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Brett and Naghemeh King are arrested and detained in Madrid, Spain after an international manhunt.
They are forced to spend several nights in prison away from their son, who was sent to a hospital in Malaga for urgent treatment, before being released.
The NHS currently pays for those deemed appropriate for proton beam therapy to go to the United States for treatment.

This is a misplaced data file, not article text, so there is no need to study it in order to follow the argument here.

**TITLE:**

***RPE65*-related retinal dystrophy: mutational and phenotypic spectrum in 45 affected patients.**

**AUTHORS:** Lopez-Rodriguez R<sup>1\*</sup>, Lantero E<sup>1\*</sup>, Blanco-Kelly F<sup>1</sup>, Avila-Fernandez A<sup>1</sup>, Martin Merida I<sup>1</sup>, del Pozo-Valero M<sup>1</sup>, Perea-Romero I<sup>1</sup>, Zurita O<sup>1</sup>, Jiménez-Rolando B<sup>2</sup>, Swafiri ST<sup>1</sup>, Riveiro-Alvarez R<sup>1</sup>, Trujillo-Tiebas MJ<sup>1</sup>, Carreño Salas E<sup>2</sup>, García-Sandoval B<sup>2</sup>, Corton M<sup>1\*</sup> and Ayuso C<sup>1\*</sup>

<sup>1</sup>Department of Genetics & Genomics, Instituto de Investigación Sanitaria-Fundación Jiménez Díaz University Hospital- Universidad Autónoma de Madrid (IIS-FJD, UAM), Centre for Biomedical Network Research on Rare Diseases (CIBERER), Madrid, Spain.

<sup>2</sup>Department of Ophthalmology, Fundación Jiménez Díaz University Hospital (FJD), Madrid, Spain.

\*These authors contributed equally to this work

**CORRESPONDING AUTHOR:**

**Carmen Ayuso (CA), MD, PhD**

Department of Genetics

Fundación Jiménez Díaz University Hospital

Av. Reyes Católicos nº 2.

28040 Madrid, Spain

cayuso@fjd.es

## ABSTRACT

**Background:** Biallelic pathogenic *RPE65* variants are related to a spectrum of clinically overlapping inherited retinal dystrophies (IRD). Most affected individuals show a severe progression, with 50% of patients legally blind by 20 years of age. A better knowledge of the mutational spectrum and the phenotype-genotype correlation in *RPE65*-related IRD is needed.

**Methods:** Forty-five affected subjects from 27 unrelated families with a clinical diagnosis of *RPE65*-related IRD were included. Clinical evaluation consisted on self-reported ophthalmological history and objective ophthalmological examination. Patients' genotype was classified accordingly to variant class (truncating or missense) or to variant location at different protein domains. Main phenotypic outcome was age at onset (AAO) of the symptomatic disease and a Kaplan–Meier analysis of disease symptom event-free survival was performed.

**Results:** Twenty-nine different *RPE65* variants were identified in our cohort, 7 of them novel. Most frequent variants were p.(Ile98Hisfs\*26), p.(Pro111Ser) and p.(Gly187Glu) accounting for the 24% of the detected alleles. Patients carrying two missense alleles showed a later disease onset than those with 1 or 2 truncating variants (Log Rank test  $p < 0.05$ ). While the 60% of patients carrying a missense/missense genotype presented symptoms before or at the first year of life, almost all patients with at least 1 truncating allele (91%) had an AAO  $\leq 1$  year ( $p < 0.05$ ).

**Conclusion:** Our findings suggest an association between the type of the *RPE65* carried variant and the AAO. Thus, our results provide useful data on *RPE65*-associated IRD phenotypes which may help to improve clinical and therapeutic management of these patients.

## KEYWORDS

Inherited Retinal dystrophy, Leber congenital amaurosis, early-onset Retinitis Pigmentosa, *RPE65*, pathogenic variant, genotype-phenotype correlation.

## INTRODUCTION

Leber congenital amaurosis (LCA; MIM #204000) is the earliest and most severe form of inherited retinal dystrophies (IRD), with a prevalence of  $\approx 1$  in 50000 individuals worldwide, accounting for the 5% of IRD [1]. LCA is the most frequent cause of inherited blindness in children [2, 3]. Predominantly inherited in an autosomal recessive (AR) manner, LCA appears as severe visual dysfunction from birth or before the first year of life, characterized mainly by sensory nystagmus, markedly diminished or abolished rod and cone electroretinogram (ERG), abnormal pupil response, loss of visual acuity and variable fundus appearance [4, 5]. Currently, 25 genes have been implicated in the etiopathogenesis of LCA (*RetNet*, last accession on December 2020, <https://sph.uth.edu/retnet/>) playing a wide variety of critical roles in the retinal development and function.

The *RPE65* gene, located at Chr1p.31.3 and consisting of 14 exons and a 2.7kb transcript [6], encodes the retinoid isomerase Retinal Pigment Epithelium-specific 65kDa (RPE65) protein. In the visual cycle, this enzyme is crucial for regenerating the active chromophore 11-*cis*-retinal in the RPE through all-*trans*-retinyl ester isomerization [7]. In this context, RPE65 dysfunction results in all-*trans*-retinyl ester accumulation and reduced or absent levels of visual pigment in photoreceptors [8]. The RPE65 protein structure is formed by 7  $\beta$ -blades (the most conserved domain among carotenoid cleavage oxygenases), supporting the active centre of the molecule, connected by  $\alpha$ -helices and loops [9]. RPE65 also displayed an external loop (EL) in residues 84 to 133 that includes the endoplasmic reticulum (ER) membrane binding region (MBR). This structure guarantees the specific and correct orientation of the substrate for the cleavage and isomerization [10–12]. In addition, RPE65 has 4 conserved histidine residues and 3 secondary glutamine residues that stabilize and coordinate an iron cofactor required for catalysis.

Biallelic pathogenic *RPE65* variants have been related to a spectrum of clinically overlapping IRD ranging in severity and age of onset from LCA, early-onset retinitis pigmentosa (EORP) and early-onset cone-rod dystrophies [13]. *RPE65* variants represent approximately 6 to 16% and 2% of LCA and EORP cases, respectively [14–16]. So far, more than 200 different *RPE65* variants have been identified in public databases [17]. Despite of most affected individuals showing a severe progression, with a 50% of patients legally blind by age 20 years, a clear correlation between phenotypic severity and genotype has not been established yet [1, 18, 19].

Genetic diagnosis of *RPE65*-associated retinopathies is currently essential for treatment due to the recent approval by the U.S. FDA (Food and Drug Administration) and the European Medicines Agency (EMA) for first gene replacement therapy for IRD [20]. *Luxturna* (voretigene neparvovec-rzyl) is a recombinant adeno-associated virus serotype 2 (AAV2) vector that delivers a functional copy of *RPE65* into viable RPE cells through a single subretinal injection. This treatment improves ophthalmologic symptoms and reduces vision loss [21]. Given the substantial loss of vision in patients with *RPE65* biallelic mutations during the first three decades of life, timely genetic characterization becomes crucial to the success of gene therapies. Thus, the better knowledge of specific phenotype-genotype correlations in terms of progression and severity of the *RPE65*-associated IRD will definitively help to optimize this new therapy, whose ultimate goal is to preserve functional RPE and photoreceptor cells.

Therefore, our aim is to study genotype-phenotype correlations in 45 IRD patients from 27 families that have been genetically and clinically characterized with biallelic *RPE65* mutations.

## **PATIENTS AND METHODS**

Cancer Research UK estimates that only one in 100 people would be suitable for proton beam therapy.The case of Brett and Naghmeh King, who took their son Ashya from Southampton hospital and travelled to the Czech Republic for proton therapy, sparked an international manhunt and made the headlines in the summer of 2014.'Although there remain some effects of treatment on hearing, endocrine, and neurocognitive outcomes - particularly in younger patients - other late effects common in photon-treated patients, such as cardiac, pulmonary, and gastrointestinal toxic effects, were absent.''Proton radiotherapy resulted in acceptable toxicity and had similar survival outcomes to those noted with conventional radiotherapy, suggesting that the use of the treatment may be an alternative to photon-based treatments.'The study analysed 59 patients aged between three and 21 from 2003 to 2009.Some 55 of the patients had the tumour partially or completely removed through surgery, while all patients received chemotherapy as well as proton beam therapy.More than 400 patients have been sent abroad since 2008 - most of these children - at an average cost of £100,000 per patient.Information on the NHS Choices website suggests that the effects of treatment abroad could be exaggerated, as it says some clinics 'heavily market their services to parents who are understandably desperate to get treatment for their children'.